Their dismal record notwithstanding, the doomsayers still get a lot of help from the media. Bad news or the prediction of bad news is news. Good news is more often than not ignored. Consider how the three national television networks in the United States treated the unprecedented years of economic expansion in the States beginning at the end of 1982. Ted Smith of Virginia Commonwealth University conducted a study for the Media Institute in Washington, D.C., called "The Vanishing Economy: Television Coverage of Economic Affairs 1982-1987." Professor Smith reviewed the tapes and transcripts from the three nightly news shows on ABC, NBC, and CBS. He found that "as the economy progressively improved the amount of economic coverage on network television news progressively declined" and got "progressively more negative *in tone." Furthermore, for every year he studied, "the number of negative economic stories exceeded the number of positive stories by a ratio of 4.9 to I or more." And "as the performance of the economy improved ... the ratio of negative to positive stories increased steadily from 4.9 to I in 1982-84 ... to 7.0 to I in 1986-87."
In the 1980's the better the economy got, the worse its press.
Within the overwhelming good news, we will, of course, have some bad news; it will be amplified by the media; it will be fanned and misinterpreted by the doomsayers. We cannot allow ourselves to be crippled by their negative scenarios. The booming 1990's will continue along their prosperous path.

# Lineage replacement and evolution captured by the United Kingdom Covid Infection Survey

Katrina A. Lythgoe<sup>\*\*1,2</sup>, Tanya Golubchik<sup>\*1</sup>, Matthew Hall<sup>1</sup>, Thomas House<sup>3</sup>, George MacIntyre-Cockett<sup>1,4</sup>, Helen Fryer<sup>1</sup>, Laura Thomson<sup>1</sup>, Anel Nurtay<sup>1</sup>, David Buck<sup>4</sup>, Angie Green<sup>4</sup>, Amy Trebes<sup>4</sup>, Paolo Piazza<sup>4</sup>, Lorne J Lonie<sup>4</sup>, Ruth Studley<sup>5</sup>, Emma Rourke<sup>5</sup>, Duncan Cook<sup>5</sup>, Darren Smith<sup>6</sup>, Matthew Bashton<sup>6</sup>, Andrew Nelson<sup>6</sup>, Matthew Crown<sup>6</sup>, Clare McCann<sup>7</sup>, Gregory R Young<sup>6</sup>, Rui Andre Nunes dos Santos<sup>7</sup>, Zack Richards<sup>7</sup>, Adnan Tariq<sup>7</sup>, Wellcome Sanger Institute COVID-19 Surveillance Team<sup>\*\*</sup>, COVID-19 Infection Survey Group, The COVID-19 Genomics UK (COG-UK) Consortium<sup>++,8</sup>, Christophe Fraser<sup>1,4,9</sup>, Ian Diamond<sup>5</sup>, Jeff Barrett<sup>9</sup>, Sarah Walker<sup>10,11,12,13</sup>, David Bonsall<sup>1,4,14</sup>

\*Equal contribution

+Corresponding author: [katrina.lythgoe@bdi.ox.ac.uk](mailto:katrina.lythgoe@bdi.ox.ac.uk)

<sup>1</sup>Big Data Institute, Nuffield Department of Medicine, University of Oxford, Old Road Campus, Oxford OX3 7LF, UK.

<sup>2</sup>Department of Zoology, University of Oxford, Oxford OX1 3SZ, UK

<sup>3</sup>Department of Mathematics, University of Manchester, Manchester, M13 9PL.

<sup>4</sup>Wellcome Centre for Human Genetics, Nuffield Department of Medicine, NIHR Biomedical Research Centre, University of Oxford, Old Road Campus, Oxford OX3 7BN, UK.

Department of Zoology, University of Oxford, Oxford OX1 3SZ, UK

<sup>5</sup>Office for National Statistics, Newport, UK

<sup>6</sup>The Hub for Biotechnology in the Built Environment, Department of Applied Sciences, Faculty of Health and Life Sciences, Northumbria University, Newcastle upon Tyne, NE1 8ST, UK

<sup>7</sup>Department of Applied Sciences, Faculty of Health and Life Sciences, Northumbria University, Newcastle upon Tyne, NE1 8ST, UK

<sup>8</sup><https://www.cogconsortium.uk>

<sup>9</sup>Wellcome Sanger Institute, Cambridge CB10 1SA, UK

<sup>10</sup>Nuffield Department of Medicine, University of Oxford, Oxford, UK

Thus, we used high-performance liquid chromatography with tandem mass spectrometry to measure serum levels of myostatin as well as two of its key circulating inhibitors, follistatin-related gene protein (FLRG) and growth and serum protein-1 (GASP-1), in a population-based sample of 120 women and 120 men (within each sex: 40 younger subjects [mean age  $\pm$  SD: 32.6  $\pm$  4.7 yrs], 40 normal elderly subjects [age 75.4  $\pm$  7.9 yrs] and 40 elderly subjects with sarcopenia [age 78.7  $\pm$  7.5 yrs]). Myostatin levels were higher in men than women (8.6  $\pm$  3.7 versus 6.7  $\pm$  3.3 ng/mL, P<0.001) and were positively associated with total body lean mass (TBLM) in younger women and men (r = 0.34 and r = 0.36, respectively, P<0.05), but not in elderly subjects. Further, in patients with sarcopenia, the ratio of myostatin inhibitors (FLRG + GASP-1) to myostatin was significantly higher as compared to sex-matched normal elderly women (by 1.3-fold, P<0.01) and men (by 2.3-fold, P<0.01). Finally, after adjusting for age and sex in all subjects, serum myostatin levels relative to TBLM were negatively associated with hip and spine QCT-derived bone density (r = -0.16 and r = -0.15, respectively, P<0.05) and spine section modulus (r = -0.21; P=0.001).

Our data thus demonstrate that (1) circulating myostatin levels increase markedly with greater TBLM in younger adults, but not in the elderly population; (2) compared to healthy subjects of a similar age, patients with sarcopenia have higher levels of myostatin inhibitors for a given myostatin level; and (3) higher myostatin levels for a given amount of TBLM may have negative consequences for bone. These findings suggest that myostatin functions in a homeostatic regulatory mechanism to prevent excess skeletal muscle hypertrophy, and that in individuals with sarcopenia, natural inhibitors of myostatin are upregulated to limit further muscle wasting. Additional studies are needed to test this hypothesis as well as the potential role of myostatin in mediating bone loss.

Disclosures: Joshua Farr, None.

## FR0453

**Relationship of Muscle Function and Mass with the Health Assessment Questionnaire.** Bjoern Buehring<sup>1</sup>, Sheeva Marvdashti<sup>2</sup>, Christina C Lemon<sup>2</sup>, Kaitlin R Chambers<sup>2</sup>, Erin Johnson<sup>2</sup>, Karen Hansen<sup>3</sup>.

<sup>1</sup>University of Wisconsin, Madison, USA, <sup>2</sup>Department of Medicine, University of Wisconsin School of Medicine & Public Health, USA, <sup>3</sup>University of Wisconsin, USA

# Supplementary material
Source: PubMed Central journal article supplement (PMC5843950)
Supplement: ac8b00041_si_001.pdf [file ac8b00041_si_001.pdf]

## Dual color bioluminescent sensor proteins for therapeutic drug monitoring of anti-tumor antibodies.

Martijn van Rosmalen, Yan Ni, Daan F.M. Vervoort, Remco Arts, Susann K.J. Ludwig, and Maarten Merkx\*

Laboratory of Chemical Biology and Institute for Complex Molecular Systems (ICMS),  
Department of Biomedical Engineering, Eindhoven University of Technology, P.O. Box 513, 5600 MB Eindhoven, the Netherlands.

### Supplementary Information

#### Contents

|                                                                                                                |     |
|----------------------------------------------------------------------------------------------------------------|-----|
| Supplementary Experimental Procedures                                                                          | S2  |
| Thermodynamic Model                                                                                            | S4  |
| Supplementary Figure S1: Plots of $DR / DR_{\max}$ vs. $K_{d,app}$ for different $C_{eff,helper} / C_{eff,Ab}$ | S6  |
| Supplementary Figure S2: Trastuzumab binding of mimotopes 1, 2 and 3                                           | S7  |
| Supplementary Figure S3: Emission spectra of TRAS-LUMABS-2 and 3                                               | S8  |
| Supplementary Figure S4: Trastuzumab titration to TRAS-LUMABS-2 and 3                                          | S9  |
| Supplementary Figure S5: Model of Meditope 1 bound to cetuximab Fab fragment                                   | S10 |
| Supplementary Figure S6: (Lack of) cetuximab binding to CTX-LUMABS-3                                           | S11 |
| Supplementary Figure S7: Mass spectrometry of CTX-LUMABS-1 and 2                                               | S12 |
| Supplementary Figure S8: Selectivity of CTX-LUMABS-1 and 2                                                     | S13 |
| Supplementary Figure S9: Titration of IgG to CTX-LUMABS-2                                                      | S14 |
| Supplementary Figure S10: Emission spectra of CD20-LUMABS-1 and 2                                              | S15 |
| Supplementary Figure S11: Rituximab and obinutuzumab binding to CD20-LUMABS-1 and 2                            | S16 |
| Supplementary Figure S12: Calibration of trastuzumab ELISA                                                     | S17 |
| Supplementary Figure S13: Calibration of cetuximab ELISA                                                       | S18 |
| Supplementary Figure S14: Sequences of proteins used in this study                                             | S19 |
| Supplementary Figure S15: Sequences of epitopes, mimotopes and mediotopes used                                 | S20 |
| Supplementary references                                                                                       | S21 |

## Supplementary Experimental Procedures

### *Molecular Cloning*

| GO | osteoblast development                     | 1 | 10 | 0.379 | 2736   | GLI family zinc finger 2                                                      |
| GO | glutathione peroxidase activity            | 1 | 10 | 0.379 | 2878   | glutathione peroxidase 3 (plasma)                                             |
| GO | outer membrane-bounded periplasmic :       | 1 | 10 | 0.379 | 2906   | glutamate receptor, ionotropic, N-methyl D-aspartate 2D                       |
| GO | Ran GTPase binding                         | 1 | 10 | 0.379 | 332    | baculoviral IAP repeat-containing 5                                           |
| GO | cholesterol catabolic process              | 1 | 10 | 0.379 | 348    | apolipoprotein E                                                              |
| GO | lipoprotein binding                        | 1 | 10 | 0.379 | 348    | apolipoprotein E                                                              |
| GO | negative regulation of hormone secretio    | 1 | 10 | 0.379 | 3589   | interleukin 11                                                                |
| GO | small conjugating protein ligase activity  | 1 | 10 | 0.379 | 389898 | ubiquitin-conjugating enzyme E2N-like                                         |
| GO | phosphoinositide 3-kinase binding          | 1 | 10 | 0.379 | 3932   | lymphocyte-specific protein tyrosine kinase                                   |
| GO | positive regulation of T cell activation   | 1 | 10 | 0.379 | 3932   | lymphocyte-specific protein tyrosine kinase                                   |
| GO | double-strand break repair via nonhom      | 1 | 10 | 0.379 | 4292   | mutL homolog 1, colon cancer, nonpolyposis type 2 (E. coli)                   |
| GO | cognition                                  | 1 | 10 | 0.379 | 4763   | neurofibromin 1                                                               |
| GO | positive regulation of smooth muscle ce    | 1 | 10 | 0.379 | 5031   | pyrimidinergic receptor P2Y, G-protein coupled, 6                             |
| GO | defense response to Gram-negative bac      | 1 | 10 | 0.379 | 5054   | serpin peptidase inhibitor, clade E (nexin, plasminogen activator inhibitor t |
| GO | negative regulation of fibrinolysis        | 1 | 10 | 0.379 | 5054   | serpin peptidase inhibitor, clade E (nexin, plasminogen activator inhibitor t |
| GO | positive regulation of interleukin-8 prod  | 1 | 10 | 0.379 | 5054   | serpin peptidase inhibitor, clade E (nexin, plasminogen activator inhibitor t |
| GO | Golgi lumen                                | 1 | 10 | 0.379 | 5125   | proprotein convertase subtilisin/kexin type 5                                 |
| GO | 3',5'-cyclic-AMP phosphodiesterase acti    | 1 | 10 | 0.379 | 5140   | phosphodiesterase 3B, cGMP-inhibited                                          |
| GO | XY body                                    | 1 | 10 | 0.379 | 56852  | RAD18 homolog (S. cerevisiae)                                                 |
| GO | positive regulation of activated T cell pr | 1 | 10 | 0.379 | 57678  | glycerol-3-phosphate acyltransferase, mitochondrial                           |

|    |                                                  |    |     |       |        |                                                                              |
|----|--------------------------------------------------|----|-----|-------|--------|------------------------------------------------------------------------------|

Economic Considerations More
Important Than Political
The new global economy cannot be understood if it is thought to be merely more and more trade among 160 countries; it must be viewed as the world moving from trade among countries to a single economy. One economy. One marketplace.
This is the next natural level in the economic history of civilization. In the beginning we had economically selfsufficient villages. The self-sufficient city-states that followed traded very little. For hundreds of years we then had a collection of macroeconomic nation-states, largely economically self-sufficient. Within the nation-states the economic tasks over the years were divided up. Now we are well into the process of resorting economic tasks among nations and moving toward the economic interdependence that implies.
In the global economy, economic considerations almost always transcend political considerations.
Over the centuries heads of state were all-important because the relationships among states were primarily political relationships. With economic relations on the ascent, a country's CEOs are now often more important than their political figures. Sweden, for example. Who is more important and known, Jan Carlzon, head of SAS, and Pehr Gyllenhammar, head of Volvo, or the top political figures whose names are not even known outside Sweden?
In the global economy, presidents, prime ministers, and parliaments are less and less important.Megatrends 2000. Copyright � by John Naisbitt. Reprinted by permission of HarperCollins Publishers, Inc. All rights reserved. Available now wherever books are sold.